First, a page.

Comparisons between 2011 and "our" 1989 cannot stand for a variety of reasons, mainly because, unlike North Africa, most people in the former Communist bloc at the time had a pretty good, albeit distorted, idea of what democracy was and how it worked. This was due to the fact that they hailed from of a culture that had itself created democracy and that already had in place social customs and informal institutions that made the transition to democracy easier. What is the situation in the Middle East?

Most Arab regimes of today are descended from military coups dating back generally to the 1950s and 60s. As Lenin once chalked the equation Soviets + electrification = communism, the colonels who led the revolutions in Egypt, Syria, Iraq and Libya drew in their sands the equation Arab nationalism + an army = independence. Apart from the monarchies that survived the revolutionary fervour, there thus sprang up a model for regimes which seemed to provide a pretty good answer to the problems of the era. The states threw new dams across rivers, built health and education systems, nationalised industries and also won significant backing from the Soviet bloc.

Other factors, however, were at work against democracy. The Arab world was simply unacquainted with the fundamentals that existed, at least in an imperfect form, even in Eastern Europe before 1989. By that we mean civil society, the concept of personal freedom, the tradition of unprejudiced discussion and individual responsibility. Here is one telling example: The name of the Cairo square – Liberation Square – that was thronged with the great rally for freedom was named not in hope of civil liberties, but for the colonel's coup of 1952. The language here is about collective national independence, not the individual autonomy of the citizens of Western countries.

Arab societies are also much more grounded in faith in authority

True Arab nationalism – inspired paradoxically by European socialism and nationalism – was an ideology that was to replace Western concepts, such as the right to the “pursuit of happiness", and after some time it succeeded. It gave people a sense of identity and goals for which they were glad to give up just about anything. Remembering that, the Egyptian regime, feeling weakened, has recently tried to play the national card and revive a new sense of devotion.

Young men in Cairo (women here are seen much less frequently than in more secular Tunisia) also shout slogans like "freedom". But when they are asked to explain in more detail what they are after, they hurry on to words like "justice" (as opposed to corruption and inequality) or "dignity" (in the face of a police state or degrading treatment).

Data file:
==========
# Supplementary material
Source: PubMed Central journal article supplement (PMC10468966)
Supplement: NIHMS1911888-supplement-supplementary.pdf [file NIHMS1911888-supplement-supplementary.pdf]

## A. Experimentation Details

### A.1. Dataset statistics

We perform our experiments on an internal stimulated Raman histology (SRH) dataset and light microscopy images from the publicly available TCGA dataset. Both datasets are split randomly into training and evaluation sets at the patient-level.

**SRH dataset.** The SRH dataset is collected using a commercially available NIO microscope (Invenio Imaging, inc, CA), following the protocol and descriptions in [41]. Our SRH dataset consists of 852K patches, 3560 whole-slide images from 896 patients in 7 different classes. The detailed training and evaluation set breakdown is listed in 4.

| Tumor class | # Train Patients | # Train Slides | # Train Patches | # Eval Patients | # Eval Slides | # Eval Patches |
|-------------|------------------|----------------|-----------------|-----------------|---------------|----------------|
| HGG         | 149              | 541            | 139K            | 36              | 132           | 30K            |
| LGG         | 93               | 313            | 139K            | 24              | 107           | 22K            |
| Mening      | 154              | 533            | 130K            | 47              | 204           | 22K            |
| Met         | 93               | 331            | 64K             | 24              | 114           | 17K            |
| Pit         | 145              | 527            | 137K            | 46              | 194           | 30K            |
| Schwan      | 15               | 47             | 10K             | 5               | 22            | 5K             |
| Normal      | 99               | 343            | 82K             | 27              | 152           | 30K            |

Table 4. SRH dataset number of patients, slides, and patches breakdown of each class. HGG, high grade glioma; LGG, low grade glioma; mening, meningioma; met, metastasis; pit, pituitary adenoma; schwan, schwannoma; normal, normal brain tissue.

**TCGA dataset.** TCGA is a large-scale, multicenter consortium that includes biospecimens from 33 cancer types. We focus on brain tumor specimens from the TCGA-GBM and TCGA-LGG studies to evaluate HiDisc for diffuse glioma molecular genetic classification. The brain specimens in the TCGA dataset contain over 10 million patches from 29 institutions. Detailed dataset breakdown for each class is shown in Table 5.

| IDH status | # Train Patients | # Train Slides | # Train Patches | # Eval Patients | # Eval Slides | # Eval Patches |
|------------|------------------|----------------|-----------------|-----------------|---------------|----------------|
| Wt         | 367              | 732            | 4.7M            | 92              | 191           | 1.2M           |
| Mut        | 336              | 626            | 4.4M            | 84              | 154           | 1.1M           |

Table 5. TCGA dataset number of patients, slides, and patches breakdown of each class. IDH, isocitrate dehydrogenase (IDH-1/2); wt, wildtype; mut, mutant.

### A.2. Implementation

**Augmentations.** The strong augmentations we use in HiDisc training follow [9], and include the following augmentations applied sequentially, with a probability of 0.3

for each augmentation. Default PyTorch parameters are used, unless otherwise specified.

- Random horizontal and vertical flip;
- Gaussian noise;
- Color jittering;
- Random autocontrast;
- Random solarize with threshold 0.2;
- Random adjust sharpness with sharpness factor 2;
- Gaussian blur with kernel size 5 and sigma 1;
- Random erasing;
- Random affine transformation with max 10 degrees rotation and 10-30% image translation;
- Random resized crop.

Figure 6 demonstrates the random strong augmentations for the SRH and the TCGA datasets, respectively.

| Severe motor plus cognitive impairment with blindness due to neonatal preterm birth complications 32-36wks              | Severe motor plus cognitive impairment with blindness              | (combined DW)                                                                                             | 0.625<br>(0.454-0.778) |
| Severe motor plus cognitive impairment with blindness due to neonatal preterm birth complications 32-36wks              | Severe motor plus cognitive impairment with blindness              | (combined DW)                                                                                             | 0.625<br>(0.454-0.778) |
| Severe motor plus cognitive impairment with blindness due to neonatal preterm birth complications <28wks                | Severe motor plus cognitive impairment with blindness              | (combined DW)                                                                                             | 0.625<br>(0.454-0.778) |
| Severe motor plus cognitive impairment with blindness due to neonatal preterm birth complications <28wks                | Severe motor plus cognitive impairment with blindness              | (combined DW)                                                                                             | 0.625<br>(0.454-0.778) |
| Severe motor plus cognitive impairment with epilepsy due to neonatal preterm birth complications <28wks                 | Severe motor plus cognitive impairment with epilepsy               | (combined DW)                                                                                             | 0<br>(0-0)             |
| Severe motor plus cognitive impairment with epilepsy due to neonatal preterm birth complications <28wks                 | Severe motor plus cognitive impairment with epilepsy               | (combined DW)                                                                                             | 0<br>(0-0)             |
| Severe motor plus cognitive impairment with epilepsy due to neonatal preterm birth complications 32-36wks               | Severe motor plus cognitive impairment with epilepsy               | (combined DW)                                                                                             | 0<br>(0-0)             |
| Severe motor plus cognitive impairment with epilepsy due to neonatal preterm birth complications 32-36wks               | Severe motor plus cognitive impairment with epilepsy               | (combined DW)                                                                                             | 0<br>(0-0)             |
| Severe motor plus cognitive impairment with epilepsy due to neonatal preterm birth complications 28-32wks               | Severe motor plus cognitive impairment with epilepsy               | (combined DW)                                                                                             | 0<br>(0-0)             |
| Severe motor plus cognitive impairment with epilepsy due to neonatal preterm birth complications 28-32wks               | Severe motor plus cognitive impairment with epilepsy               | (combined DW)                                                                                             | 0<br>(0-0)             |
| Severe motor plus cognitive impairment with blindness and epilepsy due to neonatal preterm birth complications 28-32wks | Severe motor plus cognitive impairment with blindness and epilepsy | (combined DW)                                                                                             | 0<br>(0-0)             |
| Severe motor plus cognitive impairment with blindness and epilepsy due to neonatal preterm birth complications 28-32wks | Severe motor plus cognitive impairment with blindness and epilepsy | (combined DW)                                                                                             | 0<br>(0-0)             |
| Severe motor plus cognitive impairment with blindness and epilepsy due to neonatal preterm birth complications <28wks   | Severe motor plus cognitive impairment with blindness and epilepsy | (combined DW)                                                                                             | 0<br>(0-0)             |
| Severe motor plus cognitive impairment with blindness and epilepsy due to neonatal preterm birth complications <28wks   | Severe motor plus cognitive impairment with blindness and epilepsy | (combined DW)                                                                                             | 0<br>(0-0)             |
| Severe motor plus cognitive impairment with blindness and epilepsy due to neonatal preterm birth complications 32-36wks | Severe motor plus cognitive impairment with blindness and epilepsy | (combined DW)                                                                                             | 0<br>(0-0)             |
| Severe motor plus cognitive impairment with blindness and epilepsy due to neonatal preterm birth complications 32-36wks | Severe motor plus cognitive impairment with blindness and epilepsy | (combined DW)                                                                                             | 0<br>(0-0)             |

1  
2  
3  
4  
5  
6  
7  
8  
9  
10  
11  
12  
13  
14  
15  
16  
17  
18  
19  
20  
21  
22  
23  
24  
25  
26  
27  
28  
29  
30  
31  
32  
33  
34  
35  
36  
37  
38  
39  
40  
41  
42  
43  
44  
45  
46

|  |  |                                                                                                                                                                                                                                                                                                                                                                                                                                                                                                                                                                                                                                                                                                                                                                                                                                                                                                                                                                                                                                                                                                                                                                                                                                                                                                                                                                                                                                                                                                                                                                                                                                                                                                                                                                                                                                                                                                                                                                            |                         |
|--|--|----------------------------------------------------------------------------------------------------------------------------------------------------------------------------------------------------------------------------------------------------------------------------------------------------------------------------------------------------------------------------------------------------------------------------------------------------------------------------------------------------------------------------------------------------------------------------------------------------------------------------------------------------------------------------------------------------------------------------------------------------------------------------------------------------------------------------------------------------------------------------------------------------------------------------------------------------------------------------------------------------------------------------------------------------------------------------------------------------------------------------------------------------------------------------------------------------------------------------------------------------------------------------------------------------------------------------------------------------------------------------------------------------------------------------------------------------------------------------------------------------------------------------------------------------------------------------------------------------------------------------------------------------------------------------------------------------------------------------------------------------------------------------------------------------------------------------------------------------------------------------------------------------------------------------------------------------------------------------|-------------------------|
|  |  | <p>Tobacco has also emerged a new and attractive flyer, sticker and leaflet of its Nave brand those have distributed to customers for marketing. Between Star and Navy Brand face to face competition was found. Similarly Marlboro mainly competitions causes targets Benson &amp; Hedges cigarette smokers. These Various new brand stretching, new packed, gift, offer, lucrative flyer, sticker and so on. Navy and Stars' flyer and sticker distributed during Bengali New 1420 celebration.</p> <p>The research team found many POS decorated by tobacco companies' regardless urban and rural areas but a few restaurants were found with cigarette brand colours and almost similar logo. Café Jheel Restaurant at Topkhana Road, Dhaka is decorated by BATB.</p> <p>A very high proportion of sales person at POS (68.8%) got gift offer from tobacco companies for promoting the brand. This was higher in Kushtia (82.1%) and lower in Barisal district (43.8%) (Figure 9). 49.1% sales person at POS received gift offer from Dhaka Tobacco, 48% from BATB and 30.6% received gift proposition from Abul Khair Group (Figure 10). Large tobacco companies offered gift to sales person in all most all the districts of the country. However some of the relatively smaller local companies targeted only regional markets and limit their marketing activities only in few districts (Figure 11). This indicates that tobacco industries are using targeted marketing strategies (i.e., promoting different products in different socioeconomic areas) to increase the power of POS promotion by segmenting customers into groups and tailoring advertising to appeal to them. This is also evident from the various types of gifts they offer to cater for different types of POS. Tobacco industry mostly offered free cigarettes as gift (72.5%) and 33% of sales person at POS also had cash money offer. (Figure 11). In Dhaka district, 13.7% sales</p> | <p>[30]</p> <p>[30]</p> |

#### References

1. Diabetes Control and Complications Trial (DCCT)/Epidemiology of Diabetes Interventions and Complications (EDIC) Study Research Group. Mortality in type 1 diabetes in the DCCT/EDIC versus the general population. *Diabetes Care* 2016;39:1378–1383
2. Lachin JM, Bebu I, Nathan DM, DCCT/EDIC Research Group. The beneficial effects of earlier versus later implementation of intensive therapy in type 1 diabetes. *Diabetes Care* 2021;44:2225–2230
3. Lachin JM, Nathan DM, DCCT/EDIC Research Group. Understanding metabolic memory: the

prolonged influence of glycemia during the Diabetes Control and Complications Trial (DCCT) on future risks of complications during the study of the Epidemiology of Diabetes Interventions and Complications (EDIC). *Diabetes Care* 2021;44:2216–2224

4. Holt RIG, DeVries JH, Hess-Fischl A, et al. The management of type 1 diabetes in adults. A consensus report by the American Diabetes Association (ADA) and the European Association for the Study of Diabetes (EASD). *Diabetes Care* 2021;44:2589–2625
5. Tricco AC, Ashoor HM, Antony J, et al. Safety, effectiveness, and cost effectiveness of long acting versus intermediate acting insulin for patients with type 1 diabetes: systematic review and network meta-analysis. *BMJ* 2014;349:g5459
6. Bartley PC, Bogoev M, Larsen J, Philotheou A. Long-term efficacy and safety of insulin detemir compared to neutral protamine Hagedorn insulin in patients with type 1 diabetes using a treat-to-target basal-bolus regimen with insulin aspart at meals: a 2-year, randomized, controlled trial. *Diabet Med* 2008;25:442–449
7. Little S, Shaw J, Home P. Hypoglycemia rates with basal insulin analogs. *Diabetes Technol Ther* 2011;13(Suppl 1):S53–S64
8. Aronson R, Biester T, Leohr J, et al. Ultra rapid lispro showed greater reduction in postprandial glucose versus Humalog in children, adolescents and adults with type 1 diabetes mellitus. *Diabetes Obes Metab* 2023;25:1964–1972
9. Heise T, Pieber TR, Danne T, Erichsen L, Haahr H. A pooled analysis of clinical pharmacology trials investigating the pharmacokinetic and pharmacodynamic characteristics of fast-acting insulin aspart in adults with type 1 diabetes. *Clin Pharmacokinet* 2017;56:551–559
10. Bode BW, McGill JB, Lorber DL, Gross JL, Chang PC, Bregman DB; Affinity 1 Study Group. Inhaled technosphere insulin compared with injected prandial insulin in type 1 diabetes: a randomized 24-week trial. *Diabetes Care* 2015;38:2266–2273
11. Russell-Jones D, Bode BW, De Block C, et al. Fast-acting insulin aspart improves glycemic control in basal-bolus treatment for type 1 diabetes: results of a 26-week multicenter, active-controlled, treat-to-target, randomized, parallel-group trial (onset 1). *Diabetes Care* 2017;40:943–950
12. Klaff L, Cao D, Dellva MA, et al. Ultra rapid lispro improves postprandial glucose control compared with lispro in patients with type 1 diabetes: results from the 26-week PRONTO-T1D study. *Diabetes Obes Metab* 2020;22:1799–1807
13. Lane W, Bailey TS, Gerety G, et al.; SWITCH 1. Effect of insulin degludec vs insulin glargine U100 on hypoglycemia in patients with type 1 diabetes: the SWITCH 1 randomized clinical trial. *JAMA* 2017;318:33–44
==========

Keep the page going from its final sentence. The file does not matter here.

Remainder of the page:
Arab societies are also much more grounded in faith in authority than Western societies are. Views of elders or superiors must be respected. Unpleasant things are not spoken of aloud, and diversity of opinion is often perceived as a problem. A culture of dialogue and, especially, critical commentary is essentially something that will still have to develop if democracy is to have a chance.

Will it be democracy in Egypt or a fundamentalist regime?

The Middle East has not been a hotbed of freedom – in terms of individual life choices and the freedom to spread one’s own views – but it was certainly not a region in which absolutism would be typical, either. There were well-rooted concepts of fair and legitimate government, limited not only by religious law but also by tradition, authority figures and various established institutions. Moreover, Islam believes in basic human equality, which makes it a more suitable environment for democracy than, say, the caste system in India.

Let's turn our attention, however, to present developments. Reflections on the repetition of the "Tunisian scenario" in Egypt are based not only on a mistaken analogy with eastern Europe, but on the apparent similarities between the two north African regimes. The government of Ben Ali was a personal dictatorship of just one social class, whose fate was sealed when the army stood against it. It can’t happen exactly the same way in Egypt. The involuntary departure of Mubarak will not change the fundamental nature of the regime, in which army men enjoy prominent positions.

Will it be democracy in Egypt or a fundamentalist regime? No one can predict that. Perhaps Alexis de Tocqueville's observation about the coming of democracy in the Western world 180 years ago is relevant here. Tocqueville noted that while government by the masses brings many dangers, to stand in the way of the inevitable march is ultimately more dangerous than to walk with it and guide it. Nowhere is it written that Egyptian democracy must be absolutely perfect. And here in the Czech Republic we are well aware that no democracy is ever born whole.

Translated from the Czech by Anton Baer